Where to get those ingredients, tools and gadgets? Well, they’ve never been more widely available, and there’s never been a better time to explore the home cocktail market. There are so many companies specializing in providing every conceivable style of bitters, cocktail syrups or juices that we’re typically presented with an embarrassment of options.

Finally, I think it bears mentioning that spirits writers–myself included–have also played a role in mystifying cocktails and putting them on a pedestal, making average consumers arguably less likely to mix them. How many times have you read a recipe online, insisting that you must have fresh-squeezed lime juice to make any given drink? This kind of language is rampant, and I hate the argument it seems to make: That if you’re going to make a drink, it has to be completely perfect and optimal.

Suffice to say, I think that’s a terrible philosophy, one that is likely to stop consumers from ever trying to make anything, because they’ll always believe that the conditions aren’t right. Oh darn, no fresh lime juice, I guess I shouldn’t make that daiquiri! Oh no, my vermouth is on the stale side, guess I won’t have a Manhattan! Damn, I’m out of bourbon, guess I won’t experiment with substituting rye whiskey.

No fresh lime juice? Make do with what you have, and don’t let that stop you.

Cocktails don’t need to be optimal, or perfect. Is fresh lime juice nice to have? Sure, by all means buy and squeeze some limes if you’re planning on having people over and mixing up a batch of cocktails. But when it’s a weekday evening and you want to make a drink, but don’t have any limes? Use the bottled lime juice from concentrate! Use the tiny canned pineapple juices! Try substituting one spirit or liqueur for another, if you’ve run out! You had better believe that if I want a mai tai, and I have the rum, curacao and orgeat on hand, I’m not about to hold off on making it just because I don’t have any fresh limes. A cocktail that is 90% optimal is still 90% better than no cocktail at all.

RTD Drinks Are Getting Lazier and Lazier

I don’t hate the world of ready-to-drink cocktails off hand. I’ve sampled quite a few of these brands for Paste at this point, and I do believe they serve a purpose in some cases. RTD drinks are well suited for making simple cocktails (G&T, old fashioned, etc.) in particular, and I will grant that they allow people to bring simple mixed drinks and cocktails into places where they wouldn’t usually go. More complex drinks such as tiki cocktails are often absolutely butchered in RTD form, but that’s to be expected. There’s no denying, though, that the convenience pitch made by RTD cocktails in the last few years has played its own role in consumers deciding not to mix their own drinks, and that is a problem. When we’ve reached a point where people are actually buying canned Jack & Coke to consume at home, we know we’ve hit some new peak of laziness.

The Canned "RTD" Cocktail Boom is a Worst Case Scenario for Tiki Drinks No classic cocktail gets bastardized quite as badly as the mai tai.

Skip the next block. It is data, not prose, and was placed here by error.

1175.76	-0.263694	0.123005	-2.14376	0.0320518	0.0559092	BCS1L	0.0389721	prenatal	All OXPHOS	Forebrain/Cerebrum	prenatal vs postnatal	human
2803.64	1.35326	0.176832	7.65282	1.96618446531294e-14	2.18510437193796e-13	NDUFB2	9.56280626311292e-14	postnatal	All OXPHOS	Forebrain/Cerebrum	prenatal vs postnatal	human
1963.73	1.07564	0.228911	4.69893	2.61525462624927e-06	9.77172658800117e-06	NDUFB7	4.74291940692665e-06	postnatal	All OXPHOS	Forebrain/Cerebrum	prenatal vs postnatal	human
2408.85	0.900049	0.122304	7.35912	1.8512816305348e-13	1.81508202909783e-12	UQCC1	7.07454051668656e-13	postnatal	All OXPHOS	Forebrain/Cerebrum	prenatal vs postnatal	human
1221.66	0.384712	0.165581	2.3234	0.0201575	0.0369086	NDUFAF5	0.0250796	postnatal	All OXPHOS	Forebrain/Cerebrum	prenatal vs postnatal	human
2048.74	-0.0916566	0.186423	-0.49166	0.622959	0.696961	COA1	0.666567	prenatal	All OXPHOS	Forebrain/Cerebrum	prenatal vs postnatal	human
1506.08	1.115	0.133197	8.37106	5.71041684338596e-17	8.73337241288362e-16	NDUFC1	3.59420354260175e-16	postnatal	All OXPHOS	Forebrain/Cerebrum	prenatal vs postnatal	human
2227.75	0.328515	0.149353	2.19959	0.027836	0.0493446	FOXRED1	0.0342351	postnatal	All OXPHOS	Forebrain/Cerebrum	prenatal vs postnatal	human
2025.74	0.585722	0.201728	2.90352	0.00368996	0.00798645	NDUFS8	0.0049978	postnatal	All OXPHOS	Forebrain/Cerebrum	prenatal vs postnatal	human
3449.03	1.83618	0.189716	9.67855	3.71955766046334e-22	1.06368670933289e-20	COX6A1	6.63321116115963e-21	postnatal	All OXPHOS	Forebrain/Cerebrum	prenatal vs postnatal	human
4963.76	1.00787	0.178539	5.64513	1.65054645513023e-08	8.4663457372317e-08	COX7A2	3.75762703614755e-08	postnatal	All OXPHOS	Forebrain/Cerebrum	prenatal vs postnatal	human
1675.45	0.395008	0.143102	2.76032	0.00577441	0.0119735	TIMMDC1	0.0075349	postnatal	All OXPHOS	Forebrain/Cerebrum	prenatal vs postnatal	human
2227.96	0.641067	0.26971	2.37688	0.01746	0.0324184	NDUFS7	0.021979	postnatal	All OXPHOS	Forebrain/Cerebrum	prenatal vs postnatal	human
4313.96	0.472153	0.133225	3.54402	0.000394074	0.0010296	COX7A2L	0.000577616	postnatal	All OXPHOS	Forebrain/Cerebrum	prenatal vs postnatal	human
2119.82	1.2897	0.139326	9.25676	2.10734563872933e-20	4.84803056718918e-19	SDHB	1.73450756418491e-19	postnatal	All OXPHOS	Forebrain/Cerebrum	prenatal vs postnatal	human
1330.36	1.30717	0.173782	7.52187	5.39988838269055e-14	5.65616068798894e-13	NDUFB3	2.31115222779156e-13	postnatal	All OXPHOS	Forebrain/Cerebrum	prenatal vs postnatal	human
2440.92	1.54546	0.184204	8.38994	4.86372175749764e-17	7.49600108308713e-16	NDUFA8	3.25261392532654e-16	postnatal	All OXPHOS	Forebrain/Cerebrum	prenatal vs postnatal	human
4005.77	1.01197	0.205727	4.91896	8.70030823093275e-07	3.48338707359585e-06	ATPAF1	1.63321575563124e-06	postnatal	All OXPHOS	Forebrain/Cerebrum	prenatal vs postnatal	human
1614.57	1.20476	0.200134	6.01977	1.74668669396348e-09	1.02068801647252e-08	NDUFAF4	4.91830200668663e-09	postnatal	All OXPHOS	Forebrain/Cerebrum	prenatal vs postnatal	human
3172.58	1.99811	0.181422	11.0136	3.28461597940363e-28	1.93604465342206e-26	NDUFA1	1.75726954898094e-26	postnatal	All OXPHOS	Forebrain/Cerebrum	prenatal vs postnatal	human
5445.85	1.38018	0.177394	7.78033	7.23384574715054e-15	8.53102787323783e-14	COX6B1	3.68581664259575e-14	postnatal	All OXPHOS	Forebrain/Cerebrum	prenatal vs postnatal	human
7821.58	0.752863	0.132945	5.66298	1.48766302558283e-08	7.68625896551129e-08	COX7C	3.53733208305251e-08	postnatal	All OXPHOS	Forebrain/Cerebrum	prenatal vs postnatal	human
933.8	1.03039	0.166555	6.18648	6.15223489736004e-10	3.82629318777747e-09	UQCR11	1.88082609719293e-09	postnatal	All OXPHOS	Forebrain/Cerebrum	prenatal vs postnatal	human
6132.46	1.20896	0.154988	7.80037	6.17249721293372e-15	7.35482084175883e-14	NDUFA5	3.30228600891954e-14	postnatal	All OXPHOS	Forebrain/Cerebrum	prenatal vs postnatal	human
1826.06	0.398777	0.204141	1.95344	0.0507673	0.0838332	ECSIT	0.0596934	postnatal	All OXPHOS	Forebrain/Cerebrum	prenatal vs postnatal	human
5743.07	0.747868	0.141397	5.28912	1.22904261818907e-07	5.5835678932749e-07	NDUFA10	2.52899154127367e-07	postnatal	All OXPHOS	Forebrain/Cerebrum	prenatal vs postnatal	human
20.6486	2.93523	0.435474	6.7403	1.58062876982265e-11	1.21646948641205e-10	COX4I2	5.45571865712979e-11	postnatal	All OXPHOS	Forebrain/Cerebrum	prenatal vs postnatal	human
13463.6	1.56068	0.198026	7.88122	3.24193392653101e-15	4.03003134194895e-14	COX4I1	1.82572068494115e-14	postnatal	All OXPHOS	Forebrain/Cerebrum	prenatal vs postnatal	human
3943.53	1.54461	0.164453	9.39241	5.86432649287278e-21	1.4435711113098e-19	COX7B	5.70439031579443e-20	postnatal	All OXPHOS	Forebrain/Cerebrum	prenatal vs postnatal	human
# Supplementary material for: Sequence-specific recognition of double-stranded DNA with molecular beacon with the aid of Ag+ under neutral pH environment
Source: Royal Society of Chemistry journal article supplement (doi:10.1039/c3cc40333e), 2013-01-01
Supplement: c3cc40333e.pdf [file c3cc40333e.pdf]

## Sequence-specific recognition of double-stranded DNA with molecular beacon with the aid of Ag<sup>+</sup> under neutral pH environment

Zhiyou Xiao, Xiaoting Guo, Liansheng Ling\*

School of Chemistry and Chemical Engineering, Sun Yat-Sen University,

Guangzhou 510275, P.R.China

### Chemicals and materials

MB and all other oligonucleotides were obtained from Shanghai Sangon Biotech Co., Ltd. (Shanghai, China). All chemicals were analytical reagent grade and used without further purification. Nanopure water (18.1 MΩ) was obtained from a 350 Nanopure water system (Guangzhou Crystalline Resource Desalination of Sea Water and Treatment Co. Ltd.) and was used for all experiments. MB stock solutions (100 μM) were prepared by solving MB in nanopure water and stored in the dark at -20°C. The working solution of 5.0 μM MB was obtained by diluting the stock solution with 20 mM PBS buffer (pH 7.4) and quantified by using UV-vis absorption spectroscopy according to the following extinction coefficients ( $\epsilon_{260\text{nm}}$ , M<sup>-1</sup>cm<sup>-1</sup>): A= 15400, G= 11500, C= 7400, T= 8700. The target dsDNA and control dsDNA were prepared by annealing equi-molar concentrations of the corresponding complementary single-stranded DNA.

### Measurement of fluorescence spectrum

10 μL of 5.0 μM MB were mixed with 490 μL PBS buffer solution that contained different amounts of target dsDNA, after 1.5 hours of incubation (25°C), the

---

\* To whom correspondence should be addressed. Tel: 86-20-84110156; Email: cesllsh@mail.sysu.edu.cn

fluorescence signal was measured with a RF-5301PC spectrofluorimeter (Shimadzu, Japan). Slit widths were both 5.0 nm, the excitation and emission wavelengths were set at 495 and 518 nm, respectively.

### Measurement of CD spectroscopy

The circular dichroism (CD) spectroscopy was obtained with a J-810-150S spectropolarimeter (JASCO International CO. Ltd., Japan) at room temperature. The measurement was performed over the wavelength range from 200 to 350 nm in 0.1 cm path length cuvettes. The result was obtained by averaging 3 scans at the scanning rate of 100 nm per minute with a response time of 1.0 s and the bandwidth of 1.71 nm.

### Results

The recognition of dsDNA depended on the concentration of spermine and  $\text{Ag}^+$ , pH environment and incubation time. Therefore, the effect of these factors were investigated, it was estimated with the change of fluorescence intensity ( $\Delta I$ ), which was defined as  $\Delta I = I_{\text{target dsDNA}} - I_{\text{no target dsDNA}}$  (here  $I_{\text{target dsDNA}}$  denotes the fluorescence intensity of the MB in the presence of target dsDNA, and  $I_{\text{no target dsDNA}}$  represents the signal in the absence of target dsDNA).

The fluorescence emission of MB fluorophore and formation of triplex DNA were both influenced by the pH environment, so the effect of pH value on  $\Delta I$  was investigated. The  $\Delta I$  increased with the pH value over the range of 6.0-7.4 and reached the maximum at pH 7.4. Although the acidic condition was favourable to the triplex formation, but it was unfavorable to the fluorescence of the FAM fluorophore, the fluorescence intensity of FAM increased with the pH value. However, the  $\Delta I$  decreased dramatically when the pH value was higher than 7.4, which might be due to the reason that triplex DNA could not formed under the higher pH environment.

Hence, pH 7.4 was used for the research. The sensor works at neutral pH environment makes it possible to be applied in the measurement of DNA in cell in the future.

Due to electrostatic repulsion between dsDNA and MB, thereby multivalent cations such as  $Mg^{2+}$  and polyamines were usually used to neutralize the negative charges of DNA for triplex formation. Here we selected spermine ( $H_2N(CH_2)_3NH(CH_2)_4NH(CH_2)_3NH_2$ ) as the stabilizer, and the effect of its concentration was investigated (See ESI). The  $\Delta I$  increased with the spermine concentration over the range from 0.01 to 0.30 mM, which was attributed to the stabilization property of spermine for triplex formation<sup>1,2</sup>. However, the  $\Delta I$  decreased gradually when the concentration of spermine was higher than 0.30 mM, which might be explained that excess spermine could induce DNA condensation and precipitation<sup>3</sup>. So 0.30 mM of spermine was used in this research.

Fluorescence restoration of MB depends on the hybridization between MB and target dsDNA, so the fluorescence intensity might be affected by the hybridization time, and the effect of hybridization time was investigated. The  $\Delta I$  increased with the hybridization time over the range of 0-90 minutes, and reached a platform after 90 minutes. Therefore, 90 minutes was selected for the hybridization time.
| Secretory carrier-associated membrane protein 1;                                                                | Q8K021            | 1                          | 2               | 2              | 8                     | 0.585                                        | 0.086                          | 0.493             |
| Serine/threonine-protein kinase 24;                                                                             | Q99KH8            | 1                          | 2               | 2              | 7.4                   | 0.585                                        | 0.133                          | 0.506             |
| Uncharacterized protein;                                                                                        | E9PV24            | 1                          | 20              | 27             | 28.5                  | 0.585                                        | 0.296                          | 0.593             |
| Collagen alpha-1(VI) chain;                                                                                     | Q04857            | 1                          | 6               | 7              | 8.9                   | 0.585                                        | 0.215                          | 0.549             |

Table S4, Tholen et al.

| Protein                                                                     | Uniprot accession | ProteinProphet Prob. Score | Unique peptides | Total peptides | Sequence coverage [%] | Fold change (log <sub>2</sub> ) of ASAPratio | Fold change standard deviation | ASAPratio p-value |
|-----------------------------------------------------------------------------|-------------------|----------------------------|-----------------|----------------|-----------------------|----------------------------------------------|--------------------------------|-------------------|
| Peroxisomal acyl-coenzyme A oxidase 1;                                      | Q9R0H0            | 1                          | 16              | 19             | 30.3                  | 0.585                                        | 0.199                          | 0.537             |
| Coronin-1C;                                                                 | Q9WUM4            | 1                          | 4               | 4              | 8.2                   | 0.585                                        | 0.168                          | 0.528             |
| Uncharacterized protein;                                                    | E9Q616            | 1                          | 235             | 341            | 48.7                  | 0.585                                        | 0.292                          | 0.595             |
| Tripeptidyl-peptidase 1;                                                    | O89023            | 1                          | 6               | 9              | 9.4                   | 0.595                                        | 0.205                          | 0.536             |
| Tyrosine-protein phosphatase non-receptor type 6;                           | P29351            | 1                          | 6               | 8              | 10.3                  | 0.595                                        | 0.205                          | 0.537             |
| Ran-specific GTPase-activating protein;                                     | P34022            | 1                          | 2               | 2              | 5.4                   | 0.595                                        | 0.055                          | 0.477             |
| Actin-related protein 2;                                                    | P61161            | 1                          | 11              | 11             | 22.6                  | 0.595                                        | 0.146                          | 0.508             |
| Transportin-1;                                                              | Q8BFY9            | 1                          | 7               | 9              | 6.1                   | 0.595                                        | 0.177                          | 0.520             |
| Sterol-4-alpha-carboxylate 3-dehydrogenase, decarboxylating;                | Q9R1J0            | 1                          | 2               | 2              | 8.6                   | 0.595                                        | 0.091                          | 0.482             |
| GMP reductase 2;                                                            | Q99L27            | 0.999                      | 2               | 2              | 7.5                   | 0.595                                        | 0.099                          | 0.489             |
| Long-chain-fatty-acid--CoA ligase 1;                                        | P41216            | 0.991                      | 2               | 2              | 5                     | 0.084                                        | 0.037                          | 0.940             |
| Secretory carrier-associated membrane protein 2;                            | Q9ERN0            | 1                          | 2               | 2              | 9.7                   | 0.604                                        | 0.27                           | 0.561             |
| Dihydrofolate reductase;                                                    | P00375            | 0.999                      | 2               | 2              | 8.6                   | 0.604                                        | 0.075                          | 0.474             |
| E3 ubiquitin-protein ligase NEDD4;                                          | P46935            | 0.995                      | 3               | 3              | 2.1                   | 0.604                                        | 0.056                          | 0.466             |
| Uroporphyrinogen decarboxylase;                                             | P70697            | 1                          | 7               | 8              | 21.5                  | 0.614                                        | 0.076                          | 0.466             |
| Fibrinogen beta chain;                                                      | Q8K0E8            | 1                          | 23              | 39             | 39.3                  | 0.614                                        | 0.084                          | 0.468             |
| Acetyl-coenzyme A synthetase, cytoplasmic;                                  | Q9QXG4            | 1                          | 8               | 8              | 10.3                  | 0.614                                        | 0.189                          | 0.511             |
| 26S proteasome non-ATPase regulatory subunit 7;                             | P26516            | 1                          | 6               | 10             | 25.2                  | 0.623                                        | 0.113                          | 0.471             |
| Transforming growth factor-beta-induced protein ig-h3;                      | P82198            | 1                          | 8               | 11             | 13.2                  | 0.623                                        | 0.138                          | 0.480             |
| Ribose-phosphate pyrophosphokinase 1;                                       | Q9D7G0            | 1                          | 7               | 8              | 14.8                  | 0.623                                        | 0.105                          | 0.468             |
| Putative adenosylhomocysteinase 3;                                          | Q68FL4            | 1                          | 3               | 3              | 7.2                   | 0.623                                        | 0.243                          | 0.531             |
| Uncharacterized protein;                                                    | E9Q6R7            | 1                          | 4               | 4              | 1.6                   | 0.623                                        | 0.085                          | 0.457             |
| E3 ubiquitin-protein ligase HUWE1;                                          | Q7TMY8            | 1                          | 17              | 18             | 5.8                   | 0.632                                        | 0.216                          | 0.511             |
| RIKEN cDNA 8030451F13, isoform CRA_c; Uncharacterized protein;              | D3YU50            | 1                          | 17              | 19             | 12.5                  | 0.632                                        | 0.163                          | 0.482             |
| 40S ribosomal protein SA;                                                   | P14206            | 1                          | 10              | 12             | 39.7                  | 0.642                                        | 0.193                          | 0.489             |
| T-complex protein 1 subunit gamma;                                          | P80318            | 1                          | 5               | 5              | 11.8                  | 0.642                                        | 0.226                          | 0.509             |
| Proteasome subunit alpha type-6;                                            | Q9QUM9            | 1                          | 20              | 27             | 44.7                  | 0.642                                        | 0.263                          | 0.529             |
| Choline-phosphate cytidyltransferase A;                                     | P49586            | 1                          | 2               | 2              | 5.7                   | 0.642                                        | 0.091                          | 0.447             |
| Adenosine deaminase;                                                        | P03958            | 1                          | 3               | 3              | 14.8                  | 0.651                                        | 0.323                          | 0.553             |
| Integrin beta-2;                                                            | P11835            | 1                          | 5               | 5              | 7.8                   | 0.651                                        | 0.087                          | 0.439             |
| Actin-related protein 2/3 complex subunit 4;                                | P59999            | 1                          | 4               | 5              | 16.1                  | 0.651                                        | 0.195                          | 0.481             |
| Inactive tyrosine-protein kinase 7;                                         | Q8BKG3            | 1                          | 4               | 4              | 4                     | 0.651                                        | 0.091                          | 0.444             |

I will at least concede that you can easily bring a product like canned Jack & Coke on a hike (yuck), or to the beach, or in a cooler to a BBQ without needing to bring a bottle of liquor or worry about finding cups. Those are legitimately convenient aspects. Where I draw the line is the idea of cracking one of these open in your own home, rather than spending the 20 extra seconds it would take to make a far better whiskey cola of your own, one that is actually tailored to your own tastes. Acting like putting whiskey and cola in a cup is “inconvenient” is patently absurd.

This is the push-and-pull of so many mediocre RTD mixed drinks and cocktails–most fall into “okay” territory, but choosing them simultaneously means ultimately settling for something significantly less delicious than what you could easily make for yourself. And consumers are seemingly willing to forgive so much in these products, for reasons unknown–they don’t seem to mind that many are lacking in carbonation when they should have it, or feature starkly artificial citrus flavors, or are far weaker than the cocktail in question should actually be. Most of the time they’re even far more expensive than making superior home cocktails would be … and that’s assuming what you’ve purchased contains spirits at all, and isn’t a hard seltzer with alcohol from malt fermentation, trying to trick the consumer into thinking it’s a proper cocktail.

The RTD market has widened and diversified to such a sprawl, in fact, that there are now even super premium, ultra-luxe bottled cocktails out there today, such as the $150 bottle of old fashioned I tasted a while back. Was it a quality drink? Sure, but for $150 I could provide quality drinks for my household for months.

In the end, it all comes down to what we value in the world of spirits and cocktails. At the end of the day, is flavor and quality important to you? Or is the prospect of saving 60 seconds–in exchange for a worse drink–too enticing to pass up? Remember, the cocktail you mix at home doesn’t need to be perfect in order to have value. In fact, whatever you make will almost certainly have more value than what you pour from a can, regardless of whether your ingredients or technique aren’t quite right.

A great home cocktail is a beautiful thing. Don’t deny yourself that pleasure for no reason.

Jim Vorel is a Paste staff writer and resident beer and liquor geek. You can follow him on Twitter for more drink writing.